Playing with emotions can have negative impacts on people and can cause them to retaliate which was the case with the creature. He experienced the destruction of his future companion first hand, which affected him emotionally. Because he was in shock, he reacted to this situation by telling Frankenstein that “[He] will be with [Frankenstein] on [his] wedding night” (123). Frankenstein interpreted this to be that the creature would kill him on his
Victor Frankenstein the main character in Frankenstein was going through depression, bipolar, and anxiety throughout the story because things in his life were going terrible for him. Victor never had a happy moment in his life after the creation of his monster. Once the monster became angry he tried controlling Victor into creating a love for him. Victor didn’t want to because he was afraid that he would create a violent species and they would take over. After the monster found out he wasn’t doing it, the monster wanted to kill Victors loved ones and not Victor.
All the monster wants is love. The Monster is the victim because his creator abandons him, his appearance affects his relationship with the people he meets, and his desire to feel loved. To begin, his creator abandons him. Victor creates Frankenstein, but is afraid of him. “He might have spoken, but I did not hear; one hand was stretched out, seemingly to detain me, but I escaped and rushed down stairs” (Shelley 44).
Although he comes with friendly intentions, the Monster is treated violently and with contempt, essentially being forced into his alienation to survive and becoming the “monster” he is already thought of as a result. The Monster’s actions are a response to the treatment he has received from others, everyday villagers and Victor alike. With little known about his origins and no way to explain himself, there is no hope for the Monster to assimilate himself. This is present in other characters of the novel as well, for example, Richard Walton, who has self-alienated in order to gain distinction and knowledge. The Monsters origins and appearance develop these themes of alienation throughout the novel, themes that are further developed by other characters and play an important role in delivering the message of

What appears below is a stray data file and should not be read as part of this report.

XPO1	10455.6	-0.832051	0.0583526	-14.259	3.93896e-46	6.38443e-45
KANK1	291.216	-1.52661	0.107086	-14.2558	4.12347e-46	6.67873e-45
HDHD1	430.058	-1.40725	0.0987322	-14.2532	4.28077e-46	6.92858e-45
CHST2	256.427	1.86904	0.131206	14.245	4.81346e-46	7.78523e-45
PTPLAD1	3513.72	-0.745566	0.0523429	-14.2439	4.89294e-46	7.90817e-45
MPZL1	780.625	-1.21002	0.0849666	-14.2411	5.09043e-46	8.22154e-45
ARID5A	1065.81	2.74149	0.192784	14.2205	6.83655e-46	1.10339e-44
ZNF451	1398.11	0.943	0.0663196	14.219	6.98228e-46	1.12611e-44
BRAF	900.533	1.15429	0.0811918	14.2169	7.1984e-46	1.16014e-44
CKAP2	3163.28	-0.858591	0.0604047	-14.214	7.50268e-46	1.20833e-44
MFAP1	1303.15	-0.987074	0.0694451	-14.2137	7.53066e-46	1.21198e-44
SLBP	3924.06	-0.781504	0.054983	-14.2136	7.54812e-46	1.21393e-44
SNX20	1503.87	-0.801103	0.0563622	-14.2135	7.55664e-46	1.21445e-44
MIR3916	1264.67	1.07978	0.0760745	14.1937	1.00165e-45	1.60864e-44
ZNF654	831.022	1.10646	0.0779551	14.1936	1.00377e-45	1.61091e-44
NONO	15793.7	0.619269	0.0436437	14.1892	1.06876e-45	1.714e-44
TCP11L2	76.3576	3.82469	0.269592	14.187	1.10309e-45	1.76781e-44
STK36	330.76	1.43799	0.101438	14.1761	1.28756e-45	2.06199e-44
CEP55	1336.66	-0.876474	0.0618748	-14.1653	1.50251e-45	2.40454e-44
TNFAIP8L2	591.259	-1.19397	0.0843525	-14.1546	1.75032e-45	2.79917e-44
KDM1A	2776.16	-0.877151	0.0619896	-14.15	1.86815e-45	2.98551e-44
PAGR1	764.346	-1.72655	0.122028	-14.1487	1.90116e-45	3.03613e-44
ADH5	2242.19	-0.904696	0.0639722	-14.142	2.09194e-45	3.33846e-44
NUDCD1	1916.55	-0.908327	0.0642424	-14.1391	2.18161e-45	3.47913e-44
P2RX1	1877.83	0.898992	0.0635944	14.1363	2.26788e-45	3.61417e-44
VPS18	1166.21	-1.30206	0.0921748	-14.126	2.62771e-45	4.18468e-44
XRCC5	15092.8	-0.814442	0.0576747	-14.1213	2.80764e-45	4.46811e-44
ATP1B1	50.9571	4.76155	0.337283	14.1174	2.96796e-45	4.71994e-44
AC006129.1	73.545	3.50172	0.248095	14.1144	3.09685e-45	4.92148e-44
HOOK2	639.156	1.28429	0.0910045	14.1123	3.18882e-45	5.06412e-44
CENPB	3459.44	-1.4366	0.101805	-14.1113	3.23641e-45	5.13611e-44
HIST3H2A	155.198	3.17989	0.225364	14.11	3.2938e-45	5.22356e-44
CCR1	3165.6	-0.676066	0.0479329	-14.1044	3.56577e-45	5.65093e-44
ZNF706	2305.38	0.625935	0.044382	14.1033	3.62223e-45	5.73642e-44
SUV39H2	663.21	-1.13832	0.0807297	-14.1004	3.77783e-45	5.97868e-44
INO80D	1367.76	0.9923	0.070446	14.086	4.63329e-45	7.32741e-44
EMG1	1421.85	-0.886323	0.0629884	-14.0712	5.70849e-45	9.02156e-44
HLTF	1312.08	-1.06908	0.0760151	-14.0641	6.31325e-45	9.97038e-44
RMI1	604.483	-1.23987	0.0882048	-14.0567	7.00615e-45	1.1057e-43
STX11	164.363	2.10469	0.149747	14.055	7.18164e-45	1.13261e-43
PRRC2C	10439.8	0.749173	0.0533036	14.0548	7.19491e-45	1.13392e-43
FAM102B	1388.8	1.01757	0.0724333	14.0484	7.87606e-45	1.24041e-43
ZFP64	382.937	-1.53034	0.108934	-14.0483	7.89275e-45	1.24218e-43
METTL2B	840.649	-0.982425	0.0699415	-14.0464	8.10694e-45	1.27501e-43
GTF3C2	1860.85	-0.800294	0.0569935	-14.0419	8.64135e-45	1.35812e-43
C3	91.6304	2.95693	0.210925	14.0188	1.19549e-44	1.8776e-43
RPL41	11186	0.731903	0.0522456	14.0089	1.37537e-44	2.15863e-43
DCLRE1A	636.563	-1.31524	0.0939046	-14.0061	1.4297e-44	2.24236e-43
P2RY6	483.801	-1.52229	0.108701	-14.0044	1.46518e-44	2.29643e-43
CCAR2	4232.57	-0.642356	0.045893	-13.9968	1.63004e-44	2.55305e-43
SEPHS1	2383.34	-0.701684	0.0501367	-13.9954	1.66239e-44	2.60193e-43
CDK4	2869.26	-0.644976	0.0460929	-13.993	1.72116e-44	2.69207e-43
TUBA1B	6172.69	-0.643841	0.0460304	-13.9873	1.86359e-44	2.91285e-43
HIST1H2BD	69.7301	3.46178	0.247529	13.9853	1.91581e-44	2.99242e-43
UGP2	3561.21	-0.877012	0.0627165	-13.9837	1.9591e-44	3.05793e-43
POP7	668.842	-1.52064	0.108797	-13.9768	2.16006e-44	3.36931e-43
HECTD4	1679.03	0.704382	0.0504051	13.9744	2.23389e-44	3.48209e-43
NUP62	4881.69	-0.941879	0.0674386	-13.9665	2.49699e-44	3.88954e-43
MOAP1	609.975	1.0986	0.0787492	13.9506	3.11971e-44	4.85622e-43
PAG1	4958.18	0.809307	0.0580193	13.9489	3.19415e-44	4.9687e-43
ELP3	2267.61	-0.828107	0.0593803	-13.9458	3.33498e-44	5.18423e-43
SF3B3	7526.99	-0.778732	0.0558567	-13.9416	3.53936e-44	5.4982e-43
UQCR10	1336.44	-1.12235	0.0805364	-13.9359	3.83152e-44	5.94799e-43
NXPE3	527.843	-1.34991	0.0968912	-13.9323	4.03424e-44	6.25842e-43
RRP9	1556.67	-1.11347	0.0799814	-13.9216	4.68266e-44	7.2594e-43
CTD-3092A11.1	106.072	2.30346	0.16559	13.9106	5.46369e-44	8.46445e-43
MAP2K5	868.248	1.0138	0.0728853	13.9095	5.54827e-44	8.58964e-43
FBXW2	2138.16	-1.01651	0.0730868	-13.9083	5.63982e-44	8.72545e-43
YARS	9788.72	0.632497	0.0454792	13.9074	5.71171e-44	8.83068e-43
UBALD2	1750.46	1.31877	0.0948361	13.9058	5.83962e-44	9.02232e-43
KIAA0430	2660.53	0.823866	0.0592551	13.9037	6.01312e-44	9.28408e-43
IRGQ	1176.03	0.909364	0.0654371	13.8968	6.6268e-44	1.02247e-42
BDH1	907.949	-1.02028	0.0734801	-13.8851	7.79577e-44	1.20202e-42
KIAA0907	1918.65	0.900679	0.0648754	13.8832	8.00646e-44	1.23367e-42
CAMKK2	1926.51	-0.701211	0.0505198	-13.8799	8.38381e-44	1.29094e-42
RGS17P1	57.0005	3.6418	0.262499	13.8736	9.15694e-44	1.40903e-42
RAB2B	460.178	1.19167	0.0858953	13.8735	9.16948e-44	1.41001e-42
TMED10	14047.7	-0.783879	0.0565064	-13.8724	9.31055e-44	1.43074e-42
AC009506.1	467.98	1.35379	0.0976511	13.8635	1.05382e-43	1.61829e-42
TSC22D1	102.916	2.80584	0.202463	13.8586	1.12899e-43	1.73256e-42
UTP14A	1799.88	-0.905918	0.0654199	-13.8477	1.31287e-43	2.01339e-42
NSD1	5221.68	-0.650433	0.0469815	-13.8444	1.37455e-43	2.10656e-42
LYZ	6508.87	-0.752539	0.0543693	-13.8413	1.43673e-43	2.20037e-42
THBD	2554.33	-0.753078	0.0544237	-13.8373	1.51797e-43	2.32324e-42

The novel mainly centers on Victor Frankenstein [the young student scientist] and his 'monster’ creation. Victor is able to create life, but to his horror, the creature is a ‘monster’, thus, he runs from him. Victor than begins to feel guilty for creating such a thing. On the other, the creature with a kind heart is rejected constantly by his creator and society, leading him to become a ‘monster’ by nature; he extracts revenge by killing Victor’s
The Monster tried to do everything he could possibly do with other humans right, but they just didn’t accept him. The Monster new no one would accept him until the day he died so he just wanted Frankenstein to make him a wife so he would have someone just like him. So The Monster snapped and said to Clerval “He made me too well. I’m disgusting to look at”. When the Monster said this anyone would have sympathy for him and the way Pullman wrote this he made sure it did because when the Monster said that it sounded like he had a bad image of himself because he had gotten that off other people.
Relationships in Frankenstein 1)Mary Shelley’s Frankenstein novel analyzes the life of a monster abandoned by his father and creator with no companionship in life. 2) The monster created to appear beautiful turns out ugly which leads to his father abandoning him in fear. 3) The creator, Frankenstein, recognized the monster as grotesque and ran away in fear of the monster he had created. 4) The monster runs away and after he becomes self educated he returns to his father in order to receive companionship. 5) Even a monster needs companionship to survive the loneliness of being different.
The night Frankenstein finishes his creation, it looks nothing like what he wanted. He had gone crazy over making the monster and the creature did not look beautiful at all, instead it looked ugly and terrible. The unappealing look approaches Frankenstein to him, being frighten and leaving his apartment. An atmosphere of mystery comes in because you do not know how the monster would turn out at first and also as to why Frankenstein left because of own his
He speculates that one of the first results of creating a mate for his monster would be a “race of devils…propagated upon the earth” who would make the “very existence of man…full of terror” (138). Victor fears his female monster more than his male monster because of the former’s potential as a woman to sire children of her own, which would prove fatal for humanity. Because of his previous experience birthing death (the “trauma of afterbirth” as expressed by Moers), the notion of
To the characters in the book and to those in the world today who do not know the creature’s side of the story, Frankenstein’s creature is seen as the monster. However, he never commits any act worthy of the label. He is considered a monster, simply because he is “ugly.” As soon as the creature is brought to life, Victor, his creator, notices that the creature is not visually appealing and is extremely